PIQUA — Edison State Community College President Dr. Doreen Larson encouraged everyone at the YWCA’s 12th annual Dr. Martin Luther King Jr. Day Celebration to be concerned with “injustice and discrimination,” no matter their race.
“Our skin color should not hold us back from acting on issues of injustice and discrimination,” Larson said on Monday.
Larson’s speech, titled “The Color of a Life Jacket Means Nothing to a Person Drowning,” began by touching on the legacy of the Rev. Dr. Martin Luther King Jr., asking audience members why they thought of King as an American hero.
“I don’t think I would be able to do the things I’m able to do today without his example, his leadership, and his dedication to changing the way America works,” Piqua Mayor Kris Lee said. “We were dead set on a course until he got involved and did his protests and marches.”
Larry Hamilton of Piqua said King “dealt with the difficult issues of his time,” naming militarism, racism, and economic justice.
Larson’s speech also asked the question of, “How do white people fit into Dr. King’s dream?” She used the example of someone else she considered a hero, Jimmy Carter, the 39th president of the U.S., to discuss how everyone should be concerned with issues of racial injustice and use their positions in life to help everyone.
Like King, Carter was from Georgia, and Carter was a supporter of civil rights and integration. Larson specifically touched on Carter’s ties with King and how Carter helped advocate for Dr. Martin Luther King Jr. Day to be a national holiday until it was signed into law in 1983 by President Ronald Reagan.
Larson referenced an essay written by Claire Borgerding titled “Life Jackets for Us All” that community members read to the attendees later during the event, and Larson said she based her speech off of Borgerding’s essay. Borgerding, a Minster High School graduate and Edison State Community College student, wrote about grappling with feeling guilty for her privilege in life, which she referred to as a “life jacket.” Larson also referred to equal opportunities, equal pay, and equal justice as “life jackets for all.”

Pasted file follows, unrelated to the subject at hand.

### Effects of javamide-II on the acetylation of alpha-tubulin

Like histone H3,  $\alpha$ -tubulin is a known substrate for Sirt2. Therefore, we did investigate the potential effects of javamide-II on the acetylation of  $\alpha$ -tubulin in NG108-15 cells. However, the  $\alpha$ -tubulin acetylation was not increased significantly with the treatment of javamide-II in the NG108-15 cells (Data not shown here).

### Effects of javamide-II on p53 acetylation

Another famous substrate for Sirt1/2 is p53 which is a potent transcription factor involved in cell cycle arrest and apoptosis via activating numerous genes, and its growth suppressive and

“Color becomes much less important to us as the stakes get higher,” Larson said. “For instance, a drowning person is certainly not going to question the color of the life jacket thrown to them. Likewise, the color of the hand that pulls someone back on board is not important. Martin Luther King said … ‘I look to the day when people will not be judged by the color of their skin, but by the content of their character.’”
Larson discussed how, in the past, she was elected the chair of a national commission on equity, diversity, and inclusion. Larson said she was first invited to take part on this national commission due to her advocacy for adults with disabilities to get access to higher education, but the group’s main goal was helping the promotion of people of color into positions of higher administration in academia due to a lack of representation in those areas. She said, after being elected the chairperson of that commission for the third time, she asked why the commission continued to elect her, a white woman, to advocate on behalf of people of color.
“I said to them, most of whom were people of color, ‘Why do you keep re-electing a white chair of this group?’ I was uncomfortable, often, advocating for the group. I felt ignorant. I felt like a poser trying to advocate for something I did not understand,” Larson said. “The answer from that committee was I was able to get things done. I had connections. I had power … Indeed, we were getting things done. We were changing ways that people were promoted. We were changing ways people were hired. We were changing how people were getting into jobs. I could see that the needle was moving.”
Larson later said people who are white should not use the excuse of, “I really can’t understand the African-American experience,” as an “out” to avoid dealing with issues of racial injustice. Larson encouraged everyone to “make a difference.”
Larson referenced Borgerding’s essay again, saying, “Claire writes in her essay, you’ll hear later, about having a sense of guilt over her life jacket. We don’t need to feel guilty, but we need to replace that guilt with a sense of gratitude. We understand that the best way to show our gratitude is to use our gifts, to value them, to make them worth more than they were when they (first) came in our hands. We don’t need to feel guilty about power, but we need use it in a very responsible way.”
Larson ended her speech with a call to action, encouraging attendees to consider how they can make a difference. Larson used the example of, if someone is involved in health and wellness, to “make sure health and wellness is provided to everyone.”
Also during the YWCA’s Dr. Martin Luther King Jr. Day Celebration, Piqua Catholic School students Josh Richard and Daria Lee each performed patriotic songs, “God Bless America” and “America the Beautiful,” respectively. The event closed with a group singing of “Let There Be Peace on Earth.”